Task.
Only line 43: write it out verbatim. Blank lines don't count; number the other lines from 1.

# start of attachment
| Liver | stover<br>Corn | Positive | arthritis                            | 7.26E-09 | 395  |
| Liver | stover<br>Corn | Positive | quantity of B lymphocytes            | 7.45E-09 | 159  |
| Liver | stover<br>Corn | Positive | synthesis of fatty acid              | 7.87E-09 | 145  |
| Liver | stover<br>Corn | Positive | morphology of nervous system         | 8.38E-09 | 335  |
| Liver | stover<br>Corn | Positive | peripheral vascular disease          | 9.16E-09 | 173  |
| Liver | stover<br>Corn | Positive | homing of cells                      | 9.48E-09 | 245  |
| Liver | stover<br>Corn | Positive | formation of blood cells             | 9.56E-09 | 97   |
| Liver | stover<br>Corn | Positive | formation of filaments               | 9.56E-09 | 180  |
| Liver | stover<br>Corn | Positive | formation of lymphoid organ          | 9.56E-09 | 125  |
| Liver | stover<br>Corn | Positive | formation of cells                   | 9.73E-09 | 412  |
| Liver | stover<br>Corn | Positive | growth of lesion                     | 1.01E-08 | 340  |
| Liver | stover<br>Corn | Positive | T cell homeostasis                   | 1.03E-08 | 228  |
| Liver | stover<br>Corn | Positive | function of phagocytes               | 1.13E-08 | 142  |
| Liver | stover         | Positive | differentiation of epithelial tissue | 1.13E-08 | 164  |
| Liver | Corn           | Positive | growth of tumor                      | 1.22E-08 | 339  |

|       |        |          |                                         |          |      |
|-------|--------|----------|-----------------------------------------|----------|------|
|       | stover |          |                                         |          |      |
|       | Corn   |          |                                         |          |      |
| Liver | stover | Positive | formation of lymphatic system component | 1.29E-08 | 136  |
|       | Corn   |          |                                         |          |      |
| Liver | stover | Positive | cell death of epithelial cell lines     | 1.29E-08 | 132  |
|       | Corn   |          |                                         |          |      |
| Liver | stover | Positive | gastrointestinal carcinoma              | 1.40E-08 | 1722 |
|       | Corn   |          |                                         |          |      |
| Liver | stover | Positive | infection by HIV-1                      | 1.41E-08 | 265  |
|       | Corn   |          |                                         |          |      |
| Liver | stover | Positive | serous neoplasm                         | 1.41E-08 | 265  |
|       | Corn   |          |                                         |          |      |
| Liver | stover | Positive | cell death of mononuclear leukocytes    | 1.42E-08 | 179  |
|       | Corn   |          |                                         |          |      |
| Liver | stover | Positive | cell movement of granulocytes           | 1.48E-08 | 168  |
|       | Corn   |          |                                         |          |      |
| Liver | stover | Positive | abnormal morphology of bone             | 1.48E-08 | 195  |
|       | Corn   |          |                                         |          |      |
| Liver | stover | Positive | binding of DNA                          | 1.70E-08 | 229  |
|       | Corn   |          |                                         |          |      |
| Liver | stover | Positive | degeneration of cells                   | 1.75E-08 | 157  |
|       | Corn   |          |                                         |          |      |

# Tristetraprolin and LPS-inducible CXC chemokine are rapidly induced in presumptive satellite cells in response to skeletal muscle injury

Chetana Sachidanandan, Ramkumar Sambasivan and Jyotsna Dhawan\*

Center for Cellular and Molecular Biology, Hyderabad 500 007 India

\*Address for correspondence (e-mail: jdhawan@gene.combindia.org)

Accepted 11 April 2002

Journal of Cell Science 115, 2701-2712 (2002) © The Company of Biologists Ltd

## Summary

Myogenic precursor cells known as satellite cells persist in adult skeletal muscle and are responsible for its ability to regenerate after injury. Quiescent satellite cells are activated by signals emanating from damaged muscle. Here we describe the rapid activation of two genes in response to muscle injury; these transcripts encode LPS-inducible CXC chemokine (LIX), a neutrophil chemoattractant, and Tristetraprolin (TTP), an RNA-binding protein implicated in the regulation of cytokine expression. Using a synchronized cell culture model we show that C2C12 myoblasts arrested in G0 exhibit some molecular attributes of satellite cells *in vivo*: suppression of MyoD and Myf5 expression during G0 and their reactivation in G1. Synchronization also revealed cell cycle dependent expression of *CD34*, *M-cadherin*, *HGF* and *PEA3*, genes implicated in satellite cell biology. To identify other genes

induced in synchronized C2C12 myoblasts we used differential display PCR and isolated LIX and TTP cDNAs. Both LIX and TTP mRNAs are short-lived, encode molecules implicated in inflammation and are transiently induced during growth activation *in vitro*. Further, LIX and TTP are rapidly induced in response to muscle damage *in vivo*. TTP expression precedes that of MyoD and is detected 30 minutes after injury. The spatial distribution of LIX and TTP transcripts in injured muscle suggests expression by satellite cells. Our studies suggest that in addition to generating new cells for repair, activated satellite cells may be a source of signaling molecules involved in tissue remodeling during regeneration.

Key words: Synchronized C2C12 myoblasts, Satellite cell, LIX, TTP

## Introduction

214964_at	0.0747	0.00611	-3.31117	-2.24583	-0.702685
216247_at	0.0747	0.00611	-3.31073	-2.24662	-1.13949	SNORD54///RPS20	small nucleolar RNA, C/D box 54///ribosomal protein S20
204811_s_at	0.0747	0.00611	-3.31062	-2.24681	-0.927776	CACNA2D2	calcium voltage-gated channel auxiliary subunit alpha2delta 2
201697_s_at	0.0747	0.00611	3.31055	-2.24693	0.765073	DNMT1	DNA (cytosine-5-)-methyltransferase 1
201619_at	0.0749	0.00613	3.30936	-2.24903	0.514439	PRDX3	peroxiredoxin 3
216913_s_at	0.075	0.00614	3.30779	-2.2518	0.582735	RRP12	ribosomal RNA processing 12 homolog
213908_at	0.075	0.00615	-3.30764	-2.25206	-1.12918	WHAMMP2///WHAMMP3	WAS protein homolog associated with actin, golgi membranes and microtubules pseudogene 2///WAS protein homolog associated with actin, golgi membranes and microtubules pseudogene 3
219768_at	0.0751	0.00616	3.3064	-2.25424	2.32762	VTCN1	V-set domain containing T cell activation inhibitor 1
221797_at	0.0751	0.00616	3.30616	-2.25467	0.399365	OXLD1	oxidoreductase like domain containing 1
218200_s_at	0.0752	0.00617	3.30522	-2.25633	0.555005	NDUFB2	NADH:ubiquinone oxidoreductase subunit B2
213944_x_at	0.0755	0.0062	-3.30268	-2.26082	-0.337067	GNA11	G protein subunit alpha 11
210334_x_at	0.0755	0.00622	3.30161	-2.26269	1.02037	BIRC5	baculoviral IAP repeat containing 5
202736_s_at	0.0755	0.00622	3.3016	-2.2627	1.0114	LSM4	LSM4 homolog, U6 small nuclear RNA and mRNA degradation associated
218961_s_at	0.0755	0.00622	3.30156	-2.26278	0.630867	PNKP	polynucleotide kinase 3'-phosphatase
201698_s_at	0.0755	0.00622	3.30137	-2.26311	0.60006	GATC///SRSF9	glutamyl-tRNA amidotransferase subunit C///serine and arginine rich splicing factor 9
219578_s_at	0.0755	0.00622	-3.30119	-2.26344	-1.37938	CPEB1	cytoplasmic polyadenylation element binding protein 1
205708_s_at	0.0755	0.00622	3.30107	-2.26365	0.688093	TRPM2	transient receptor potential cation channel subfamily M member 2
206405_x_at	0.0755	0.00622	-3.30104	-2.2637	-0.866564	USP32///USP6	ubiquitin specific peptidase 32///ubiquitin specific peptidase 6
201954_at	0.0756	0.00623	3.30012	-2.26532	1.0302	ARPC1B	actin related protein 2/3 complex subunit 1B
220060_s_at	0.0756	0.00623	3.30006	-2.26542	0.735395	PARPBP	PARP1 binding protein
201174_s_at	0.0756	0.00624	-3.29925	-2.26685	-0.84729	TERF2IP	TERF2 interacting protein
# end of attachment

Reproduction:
\*Address for correspondence (e-mail: jdhawan@gene.combindia.org)